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Unemployment in East and West Europe

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  • Münich, Daniel
  • Svejnar, Jan

Abstract

In this paper, we use 1991-2005 panel data on the unemployed, vacancies, inflow into unemployment, and outflow from unemployment in five former communist economies and in the western part of Germany (a benchmark western economy) to examine the evolution of unemployment together with that of inflows into unemployment and vacancies. The comparison of the transition economies with an otherwise similar and spatially close market economy is useful because it enables us to identify the main differences and similarities in the evolution of the key variables, and thus draw conclusions as to whether different or similar factors cause high unemployment.

Suggested Citation

  • Münich, Daniel & Svejnar, Jan, 2007. "Unemployment in East and West Europe," CEPR Discussion Papers 6315, C.E.P.R. Discussion Papers.
  • Handle: RePEc:cpr:ceprdp:6315
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    6. Lubomír Lízal & Jan Svejnar, 2002. "Investment, Credit Rationing, And The Soft Budget Constraint: Evidence From Czech Panel Data," The Review of Economics and Statistics, MIT Press, vol. 84(2), pages 353-370, May.
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    8. Ham, John C & Svejnar, Jan & Terrell, Katherine, 1998. "Unemployment and the Social Safety Net during Transitions to a Market Economy: Evidence from the Czech and Slovak Republics," American Economic Review, American Economic Association, vol. 88(5), pages 1117-1142, December.
    9. Randolph Luca Bruno, 2006. "Optimal speed of transition with a shrinking labour force and under uncertainty," The Economics of Transition, The European Bank for Reconstruction and Development, vol. 14(1), pages 69-100, March.
    10. Munich, Daniel & Svejnar, Jan, 2009. "Unemployment and Worker-Firm Matching Theory and Evidence from East and West Europe," Policy Research Working Paper Series 4810, The World Bank.
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    Cited by:

    1. Klaus S. Friesenbichler, 2014. "EU Accession, Domestic Market Competition and Total Factor Productivity. Firm Level Evidence," WIFO Working Papers 492, WIFO.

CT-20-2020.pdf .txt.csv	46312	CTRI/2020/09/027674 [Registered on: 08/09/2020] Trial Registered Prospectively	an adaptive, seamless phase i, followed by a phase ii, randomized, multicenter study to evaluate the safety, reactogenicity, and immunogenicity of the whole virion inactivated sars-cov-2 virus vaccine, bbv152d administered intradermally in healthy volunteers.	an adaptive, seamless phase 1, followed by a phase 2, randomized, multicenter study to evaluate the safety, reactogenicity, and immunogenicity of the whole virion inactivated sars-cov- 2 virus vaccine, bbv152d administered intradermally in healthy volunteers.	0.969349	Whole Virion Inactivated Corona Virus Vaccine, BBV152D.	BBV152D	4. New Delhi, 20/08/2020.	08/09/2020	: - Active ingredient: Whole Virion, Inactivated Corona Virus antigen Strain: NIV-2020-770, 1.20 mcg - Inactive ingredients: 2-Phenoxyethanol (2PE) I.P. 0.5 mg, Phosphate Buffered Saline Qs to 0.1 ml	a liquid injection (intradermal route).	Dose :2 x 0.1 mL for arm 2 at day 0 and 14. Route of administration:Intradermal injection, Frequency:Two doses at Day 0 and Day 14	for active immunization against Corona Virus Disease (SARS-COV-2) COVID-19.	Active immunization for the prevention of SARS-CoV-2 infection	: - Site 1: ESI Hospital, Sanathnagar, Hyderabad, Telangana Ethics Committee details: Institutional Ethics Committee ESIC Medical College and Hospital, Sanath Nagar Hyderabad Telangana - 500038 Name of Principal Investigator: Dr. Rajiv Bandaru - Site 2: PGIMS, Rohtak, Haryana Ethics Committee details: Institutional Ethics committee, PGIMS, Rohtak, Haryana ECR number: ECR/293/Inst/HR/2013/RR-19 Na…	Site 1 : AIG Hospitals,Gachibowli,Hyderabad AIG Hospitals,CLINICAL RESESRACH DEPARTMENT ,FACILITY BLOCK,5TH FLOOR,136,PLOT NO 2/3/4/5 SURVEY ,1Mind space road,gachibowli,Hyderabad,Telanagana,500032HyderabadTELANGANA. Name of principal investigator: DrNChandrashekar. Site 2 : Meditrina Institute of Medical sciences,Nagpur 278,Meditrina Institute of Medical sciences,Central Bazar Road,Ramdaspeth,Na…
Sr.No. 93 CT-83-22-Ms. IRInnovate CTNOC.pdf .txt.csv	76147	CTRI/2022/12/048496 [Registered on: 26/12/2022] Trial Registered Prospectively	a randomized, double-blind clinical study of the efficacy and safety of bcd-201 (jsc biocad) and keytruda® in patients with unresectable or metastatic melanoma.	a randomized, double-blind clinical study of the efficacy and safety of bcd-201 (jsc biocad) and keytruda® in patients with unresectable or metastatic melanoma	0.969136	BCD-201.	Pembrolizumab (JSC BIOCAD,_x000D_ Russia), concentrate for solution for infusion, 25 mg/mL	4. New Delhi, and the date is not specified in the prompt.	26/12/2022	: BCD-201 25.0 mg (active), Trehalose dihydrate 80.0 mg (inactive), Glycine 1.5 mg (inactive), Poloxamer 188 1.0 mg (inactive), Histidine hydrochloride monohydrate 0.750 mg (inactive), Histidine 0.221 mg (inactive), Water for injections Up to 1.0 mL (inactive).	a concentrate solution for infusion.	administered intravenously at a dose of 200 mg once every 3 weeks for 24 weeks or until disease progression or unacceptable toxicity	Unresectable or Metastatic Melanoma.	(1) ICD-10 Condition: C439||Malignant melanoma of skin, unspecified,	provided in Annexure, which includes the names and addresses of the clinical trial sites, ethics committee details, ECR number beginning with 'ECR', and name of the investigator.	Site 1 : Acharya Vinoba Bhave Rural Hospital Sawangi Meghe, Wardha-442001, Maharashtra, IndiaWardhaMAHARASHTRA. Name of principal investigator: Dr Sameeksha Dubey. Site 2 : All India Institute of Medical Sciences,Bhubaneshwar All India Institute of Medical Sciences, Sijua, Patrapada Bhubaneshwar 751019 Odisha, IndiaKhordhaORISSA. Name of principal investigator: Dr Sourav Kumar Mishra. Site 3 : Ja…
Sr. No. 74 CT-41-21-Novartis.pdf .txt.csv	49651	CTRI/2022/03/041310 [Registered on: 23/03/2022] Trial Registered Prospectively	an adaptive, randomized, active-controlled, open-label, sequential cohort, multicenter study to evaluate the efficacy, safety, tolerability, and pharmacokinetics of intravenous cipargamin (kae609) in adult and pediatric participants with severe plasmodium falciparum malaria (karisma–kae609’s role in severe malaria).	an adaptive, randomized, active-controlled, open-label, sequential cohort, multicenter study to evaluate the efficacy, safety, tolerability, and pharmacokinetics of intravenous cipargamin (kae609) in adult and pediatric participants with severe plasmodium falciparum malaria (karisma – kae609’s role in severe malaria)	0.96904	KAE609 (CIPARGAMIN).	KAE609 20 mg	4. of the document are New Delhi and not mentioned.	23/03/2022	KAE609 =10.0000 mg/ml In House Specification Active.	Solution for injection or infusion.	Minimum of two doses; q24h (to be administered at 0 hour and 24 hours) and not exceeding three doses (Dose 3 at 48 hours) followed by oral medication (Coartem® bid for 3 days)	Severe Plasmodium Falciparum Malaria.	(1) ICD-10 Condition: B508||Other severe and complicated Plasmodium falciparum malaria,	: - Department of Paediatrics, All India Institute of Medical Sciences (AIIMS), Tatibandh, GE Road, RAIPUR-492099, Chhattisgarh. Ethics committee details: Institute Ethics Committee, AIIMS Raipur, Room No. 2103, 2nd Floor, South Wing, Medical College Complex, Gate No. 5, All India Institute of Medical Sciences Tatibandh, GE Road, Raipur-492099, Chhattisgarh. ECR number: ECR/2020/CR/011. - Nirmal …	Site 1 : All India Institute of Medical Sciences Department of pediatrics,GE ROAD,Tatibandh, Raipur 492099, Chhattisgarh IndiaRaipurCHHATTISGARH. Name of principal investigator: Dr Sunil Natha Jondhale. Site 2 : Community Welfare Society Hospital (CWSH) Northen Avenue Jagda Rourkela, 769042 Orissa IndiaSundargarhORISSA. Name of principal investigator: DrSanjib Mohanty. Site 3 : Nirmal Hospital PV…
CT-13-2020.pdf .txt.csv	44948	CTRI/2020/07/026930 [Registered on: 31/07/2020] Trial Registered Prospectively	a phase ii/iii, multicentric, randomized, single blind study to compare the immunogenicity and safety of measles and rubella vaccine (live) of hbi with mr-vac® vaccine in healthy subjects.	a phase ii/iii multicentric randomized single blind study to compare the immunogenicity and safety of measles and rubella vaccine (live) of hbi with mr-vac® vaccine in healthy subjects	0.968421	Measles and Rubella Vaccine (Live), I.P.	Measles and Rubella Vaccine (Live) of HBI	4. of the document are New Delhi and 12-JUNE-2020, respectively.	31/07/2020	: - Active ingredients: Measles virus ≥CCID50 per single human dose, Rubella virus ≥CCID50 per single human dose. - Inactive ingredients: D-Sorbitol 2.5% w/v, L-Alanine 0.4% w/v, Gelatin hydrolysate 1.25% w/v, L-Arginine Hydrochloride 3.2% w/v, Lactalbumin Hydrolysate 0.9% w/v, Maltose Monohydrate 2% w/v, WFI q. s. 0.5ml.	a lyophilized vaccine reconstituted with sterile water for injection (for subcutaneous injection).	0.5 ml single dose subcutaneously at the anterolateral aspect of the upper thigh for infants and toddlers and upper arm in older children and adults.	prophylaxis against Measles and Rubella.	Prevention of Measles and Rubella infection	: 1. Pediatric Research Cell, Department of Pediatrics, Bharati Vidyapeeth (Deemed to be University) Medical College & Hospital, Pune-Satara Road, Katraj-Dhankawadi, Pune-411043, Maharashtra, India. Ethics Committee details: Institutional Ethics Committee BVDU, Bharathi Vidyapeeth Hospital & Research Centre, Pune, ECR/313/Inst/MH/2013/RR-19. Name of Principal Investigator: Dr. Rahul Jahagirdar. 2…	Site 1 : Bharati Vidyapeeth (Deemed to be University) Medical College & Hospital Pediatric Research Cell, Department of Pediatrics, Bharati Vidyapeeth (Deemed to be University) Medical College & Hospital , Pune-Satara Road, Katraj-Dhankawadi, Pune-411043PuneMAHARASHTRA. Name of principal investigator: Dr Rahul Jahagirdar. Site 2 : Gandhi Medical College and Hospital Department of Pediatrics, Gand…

2. Klaus S. Friesenbichler, 2020. "Does EU-accession affect domestic market structures and firm level productivity?," Empirica, Springer;Austrian Institute for Economic Research;Austrian Economic Association, vol. 47(2), pages 343-364, May.
    3. Klaus S. Friesenbichler & Michael Böheim & Daphne Channa Laster, 2014. "Market Competition in Transition Economies: A Literature Review," WIFO Working Papers 477, WIFO.
    4. Elizabeth Brainerd, 2010. "Human Development in Eastern Europe and the CIS Since 1990," Human Development Research Papers (2009 to present) HDRP-2010-16, Human Development Report Office (HDRO), United Nations Development Programme (UNDP).
    5. Pflüger Michael & Blien Uwe & Moritz Michael & Möller Joachim, 2013. "Labor Market Effects of Trade and FDI – Recent Advances and Research Gaps," Journal of Economics and Statistics (Jahrbuecher fuer Nationaloekonomie und Statistik), De Gruyter, vol. 233(1), pages 86-116, February.
    6. Alena Bièáková & Jiøí Slaèálek & Michal Slavík, 2011. "Labor Supply after Transition: Evidence from the Czech Republic," Czech Journal of Economics and Finance (Finance a uver), Charles University Prague, Faculty of Social Sciences, vol. 61(4), pages 327-347, August.
    7. Joanna Tyrowicz & Tomasz Jeruzalski, 2013. "(In)Efficiency of matching: the case of a post-transition economy," Economic Change and Restructuring, Springer, vol. 46(2), pages 255-275, May.
    8. Jurajda, Stepan & Terrell, Katherine, 2007. "Regional Unemployment and Human Capital in Transition Economies," CEPR Discussion Papers 6569, C.E.P.R. Discussion Papers.
    9. Theranda Beqiri, 2016. "Labour Market Trends in Transition Economies with Emphasis on Gender Inequalities," Acta Universitatis Danubius. OEconomica, Danubius University of Galati, issue 12(4), pages 72-85, August.
    10. Michal Franta, 2008. "Time Aggregation Bias in Discrete Time Models of Aggregate Duration Data," Working Papers 2008/10, Czech National Bank.

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    More about this item

    Keywords

    Communism; Labour; Transition; Unemployment;
    All these keywords.

    JEL classification:

    • C33 - Mathematical and Quantitative Methods - - Multiple or Simultaneous Equation Models; Multiple Variables - - - Models with Panel Data; Spatio-temporal Models
    • J4 - Labor and Demographic Economics - - Particular Labor Markets
    • J6 - Labor and Demographic Economics - - Mobility, Unemployment, Vacancies, and Immigrant Workers
    • P2 - Economic Systems - - Socialist Systems and Transition Economies

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